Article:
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Dead Yesterday and Other Stories (Lost Classics)

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    Available in PDF - DJVU Format | Dead Yesterday and Other Stories (Lost Classics).pdf | Language: ENGLISH
    Mignon G. Eberhart(Author),Rick Cypert(Editor),Kirby McCauley(Editor)

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Mignon Good Eberhart (1899-1996) was for much of the twentieth century one of the best known mystery writers in America. She was both talented and prolific, publishing 59 novels and many short stories in her more than 60-year writing career. Dead Yesterday contains the best of her previously uncollected stories, with tales about the following sleuths: Nurse Sarah Keate, a middle-aged no nonsense nurse who appeared not only in Eberhart s first seven novels, but she also made her rounds as a short-story character in 1930s periodicals. Her acerbic wit and matter-of-fact demeanor defy the dark forces of murder that she encounters in and out of hospital settings. Susan Dare, a saucy young mystery writer, is aided by her journalist friend Jim Byrne. She was exclusively a short story character. James Wickwire, is a rarity in the Eberhart canon a male protagonist. An elderly senior vice-president of a bank, Wuickwire is a bachelor whose reputation is incredibly appealing to damsels in distress and others who seek his reluctant assistance in solving crimes. Melvina Standish -- Mel Standish, like Sarah Keate is a nurse. Standish, however, had her solo appearance before Keate. In the earliest (1926) Eberhart work, Mel helps solve a murder at her Chicago Apartment house. Dead Yesterday is edited by Rick Cypert, Professor of English at Nebraska Wesleyan University, is the author of America s Agatha Christie: Mignon Good Eberhart, Her Life and Works (Susquehanna University Press, 2005). His co-editor, Kirby McCauley is a writer, editor, and literary agent and is the editor of Dark Forces: Stories of Suspense and Supernatural Horror and co-editor of Dashiell Hammett s Nightmare Town.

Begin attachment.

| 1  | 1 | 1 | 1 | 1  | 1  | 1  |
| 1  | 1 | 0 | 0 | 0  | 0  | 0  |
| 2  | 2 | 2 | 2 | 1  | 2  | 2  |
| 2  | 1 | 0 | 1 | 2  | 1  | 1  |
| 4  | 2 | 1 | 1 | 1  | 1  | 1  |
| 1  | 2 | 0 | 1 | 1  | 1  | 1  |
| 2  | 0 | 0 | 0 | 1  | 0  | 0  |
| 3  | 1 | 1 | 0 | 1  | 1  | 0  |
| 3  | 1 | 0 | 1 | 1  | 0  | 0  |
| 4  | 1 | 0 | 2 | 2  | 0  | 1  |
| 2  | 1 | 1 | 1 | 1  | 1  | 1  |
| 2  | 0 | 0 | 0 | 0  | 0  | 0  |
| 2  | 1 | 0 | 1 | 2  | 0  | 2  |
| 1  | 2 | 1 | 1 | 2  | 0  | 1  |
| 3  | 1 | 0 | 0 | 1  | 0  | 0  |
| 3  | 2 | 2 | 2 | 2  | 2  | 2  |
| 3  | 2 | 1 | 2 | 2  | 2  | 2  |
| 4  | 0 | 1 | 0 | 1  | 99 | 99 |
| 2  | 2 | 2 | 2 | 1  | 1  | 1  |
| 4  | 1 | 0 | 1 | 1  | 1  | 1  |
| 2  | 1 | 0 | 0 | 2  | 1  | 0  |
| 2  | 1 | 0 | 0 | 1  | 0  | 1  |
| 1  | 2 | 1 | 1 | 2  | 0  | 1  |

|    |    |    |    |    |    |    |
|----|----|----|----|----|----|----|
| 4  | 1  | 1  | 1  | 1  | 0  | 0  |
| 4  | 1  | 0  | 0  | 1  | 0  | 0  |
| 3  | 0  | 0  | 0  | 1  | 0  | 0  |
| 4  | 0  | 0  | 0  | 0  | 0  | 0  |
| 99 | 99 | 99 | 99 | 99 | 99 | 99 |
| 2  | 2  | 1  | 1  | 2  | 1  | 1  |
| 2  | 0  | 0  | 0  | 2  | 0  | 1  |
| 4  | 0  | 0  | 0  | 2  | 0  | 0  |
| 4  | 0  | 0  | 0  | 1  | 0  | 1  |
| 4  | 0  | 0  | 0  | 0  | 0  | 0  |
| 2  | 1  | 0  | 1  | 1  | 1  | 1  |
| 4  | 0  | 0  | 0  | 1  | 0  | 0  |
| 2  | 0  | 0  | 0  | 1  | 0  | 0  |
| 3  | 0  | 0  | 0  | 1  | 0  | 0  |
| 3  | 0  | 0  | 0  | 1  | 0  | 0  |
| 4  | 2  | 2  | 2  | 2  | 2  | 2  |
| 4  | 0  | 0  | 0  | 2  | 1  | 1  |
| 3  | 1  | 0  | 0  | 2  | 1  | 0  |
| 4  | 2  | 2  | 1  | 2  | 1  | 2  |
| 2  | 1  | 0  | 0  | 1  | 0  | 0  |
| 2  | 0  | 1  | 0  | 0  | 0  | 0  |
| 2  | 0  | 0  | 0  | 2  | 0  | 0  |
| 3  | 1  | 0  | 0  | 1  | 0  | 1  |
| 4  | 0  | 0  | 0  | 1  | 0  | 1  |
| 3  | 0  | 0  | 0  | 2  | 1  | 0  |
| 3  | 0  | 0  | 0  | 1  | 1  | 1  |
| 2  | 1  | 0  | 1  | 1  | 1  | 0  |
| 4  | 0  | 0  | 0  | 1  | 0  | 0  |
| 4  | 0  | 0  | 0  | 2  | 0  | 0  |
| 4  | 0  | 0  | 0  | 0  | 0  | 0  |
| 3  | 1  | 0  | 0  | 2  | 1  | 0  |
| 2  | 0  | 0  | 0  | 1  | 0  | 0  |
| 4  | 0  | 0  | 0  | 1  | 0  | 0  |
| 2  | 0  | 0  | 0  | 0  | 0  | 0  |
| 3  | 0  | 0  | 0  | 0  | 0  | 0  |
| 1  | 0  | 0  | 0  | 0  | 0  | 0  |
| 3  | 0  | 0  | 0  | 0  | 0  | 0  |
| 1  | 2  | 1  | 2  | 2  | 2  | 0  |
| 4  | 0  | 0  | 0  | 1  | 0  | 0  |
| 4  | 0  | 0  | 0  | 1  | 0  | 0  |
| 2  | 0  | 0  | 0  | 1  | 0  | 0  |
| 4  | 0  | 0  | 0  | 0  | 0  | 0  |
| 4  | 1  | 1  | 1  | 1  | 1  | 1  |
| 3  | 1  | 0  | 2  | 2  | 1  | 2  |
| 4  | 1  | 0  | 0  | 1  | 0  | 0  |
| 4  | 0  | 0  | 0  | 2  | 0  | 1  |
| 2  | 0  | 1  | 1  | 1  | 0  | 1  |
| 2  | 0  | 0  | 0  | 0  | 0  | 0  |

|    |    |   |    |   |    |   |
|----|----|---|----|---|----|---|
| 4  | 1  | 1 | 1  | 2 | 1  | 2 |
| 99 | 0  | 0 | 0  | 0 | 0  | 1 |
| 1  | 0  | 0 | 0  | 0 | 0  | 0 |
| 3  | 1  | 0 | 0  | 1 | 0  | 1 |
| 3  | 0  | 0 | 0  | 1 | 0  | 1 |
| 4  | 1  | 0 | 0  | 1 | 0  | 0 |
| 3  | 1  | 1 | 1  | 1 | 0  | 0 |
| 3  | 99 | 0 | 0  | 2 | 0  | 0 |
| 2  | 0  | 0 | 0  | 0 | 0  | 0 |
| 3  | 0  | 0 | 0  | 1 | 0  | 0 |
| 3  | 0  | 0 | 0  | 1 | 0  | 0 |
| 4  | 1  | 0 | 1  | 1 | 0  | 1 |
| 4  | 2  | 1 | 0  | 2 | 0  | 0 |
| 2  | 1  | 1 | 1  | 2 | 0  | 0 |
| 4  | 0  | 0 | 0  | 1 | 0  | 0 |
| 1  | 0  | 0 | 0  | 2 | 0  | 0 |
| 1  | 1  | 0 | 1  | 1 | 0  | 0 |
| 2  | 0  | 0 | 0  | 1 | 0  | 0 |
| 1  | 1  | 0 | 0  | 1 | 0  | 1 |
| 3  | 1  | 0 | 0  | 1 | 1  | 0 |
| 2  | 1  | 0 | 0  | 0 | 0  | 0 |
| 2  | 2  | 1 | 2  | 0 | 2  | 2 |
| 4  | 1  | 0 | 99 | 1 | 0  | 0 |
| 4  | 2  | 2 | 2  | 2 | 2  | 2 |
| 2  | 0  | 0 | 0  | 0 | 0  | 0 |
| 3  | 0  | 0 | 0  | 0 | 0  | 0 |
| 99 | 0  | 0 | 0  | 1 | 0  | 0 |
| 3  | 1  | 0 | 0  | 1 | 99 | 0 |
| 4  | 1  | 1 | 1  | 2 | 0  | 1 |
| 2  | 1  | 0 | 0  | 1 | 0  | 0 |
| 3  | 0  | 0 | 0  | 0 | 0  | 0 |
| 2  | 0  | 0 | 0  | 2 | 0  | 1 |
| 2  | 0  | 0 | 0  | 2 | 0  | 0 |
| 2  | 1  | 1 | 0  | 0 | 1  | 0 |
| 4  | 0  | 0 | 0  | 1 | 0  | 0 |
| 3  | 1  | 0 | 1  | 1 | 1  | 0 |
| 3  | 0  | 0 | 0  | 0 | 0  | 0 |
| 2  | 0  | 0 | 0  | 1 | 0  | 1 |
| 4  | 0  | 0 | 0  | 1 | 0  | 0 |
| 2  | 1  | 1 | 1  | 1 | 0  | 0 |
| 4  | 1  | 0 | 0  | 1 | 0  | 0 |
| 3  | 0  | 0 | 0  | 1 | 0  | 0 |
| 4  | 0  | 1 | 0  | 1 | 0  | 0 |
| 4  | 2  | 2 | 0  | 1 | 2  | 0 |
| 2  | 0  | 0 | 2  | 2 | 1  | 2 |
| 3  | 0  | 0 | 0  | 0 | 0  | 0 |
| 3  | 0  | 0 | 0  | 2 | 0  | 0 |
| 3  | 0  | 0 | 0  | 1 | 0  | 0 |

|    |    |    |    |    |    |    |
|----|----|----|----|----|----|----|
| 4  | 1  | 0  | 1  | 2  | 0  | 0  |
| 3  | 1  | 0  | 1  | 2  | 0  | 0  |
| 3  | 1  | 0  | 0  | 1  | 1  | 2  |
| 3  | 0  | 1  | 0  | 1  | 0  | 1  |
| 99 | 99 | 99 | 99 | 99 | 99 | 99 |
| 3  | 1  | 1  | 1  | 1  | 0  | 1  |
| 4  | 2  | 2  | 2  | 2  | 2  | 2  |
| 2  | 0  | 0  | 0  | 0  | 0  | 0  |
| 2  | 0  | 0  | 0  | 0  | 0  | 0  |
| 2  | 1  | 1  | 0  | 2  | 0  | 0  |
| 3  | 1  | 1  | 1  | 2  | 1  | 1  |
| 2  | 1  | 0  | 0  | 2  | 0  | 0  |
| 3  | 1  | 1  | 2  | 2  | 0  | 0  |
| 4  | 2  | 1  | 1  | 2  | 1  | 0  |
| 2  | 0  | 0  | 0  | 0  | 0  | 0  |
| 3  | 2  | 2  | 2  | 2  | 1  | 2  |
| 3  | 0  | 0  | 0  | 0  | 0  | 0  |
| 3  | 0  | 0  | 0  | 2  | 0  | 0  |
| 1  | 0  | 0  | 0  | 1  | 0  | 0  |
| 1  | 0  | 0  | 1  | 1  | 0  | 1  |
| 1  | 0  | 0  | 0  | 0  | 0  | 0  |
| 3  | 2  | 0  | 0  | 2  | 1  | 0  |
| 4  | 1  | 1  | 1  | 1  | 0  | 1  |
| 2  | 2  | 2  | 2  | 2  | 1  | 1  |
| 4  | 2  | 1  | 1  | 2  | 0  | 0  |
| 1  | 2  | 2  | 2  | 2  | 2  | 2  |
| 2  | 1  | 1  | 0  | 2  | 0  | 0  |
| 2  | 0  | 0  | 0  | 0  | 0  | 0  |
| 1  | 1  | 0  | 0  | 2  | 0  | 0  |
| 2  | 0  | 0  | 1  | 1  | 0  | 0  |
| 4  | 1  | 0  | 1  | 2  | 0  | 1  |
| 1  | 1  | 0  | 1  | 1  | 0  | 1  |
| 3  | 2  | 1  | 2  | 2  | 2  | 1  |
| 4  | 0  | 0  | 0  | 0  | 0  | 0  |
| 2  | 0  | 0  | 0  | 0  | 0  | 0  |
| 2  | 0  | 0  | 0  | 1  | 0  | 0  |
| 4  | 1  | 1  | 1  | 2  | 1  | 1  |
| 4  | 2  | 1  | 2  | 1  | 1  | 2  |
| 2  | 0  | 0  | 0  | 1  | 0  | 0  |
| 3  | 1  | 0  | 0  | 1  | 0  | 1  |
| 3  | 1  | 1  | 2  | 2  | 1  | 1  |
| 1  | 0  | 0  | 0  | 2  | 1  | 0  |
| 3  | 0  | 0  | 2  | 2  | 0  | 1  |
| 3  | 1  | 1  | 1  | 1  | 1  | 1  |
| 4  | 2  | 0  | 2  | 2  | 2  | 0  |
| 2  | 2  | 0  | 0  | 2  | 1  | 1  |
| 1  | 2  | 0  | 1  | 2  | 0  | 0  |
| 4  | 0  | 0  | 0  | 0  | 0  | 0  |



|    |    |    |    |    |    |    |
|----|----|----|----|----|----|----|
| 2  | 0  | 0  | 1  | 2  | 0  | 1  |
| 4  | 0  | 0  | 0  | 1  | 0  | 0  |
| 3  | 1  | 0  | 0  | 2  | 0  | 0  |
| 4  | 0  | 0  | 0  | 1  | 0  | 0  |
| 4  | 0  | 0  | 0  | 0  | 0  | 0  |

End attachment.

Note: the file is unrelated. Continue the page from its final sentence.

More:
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Review Text

  • By Kevin Killian on April 6, 2009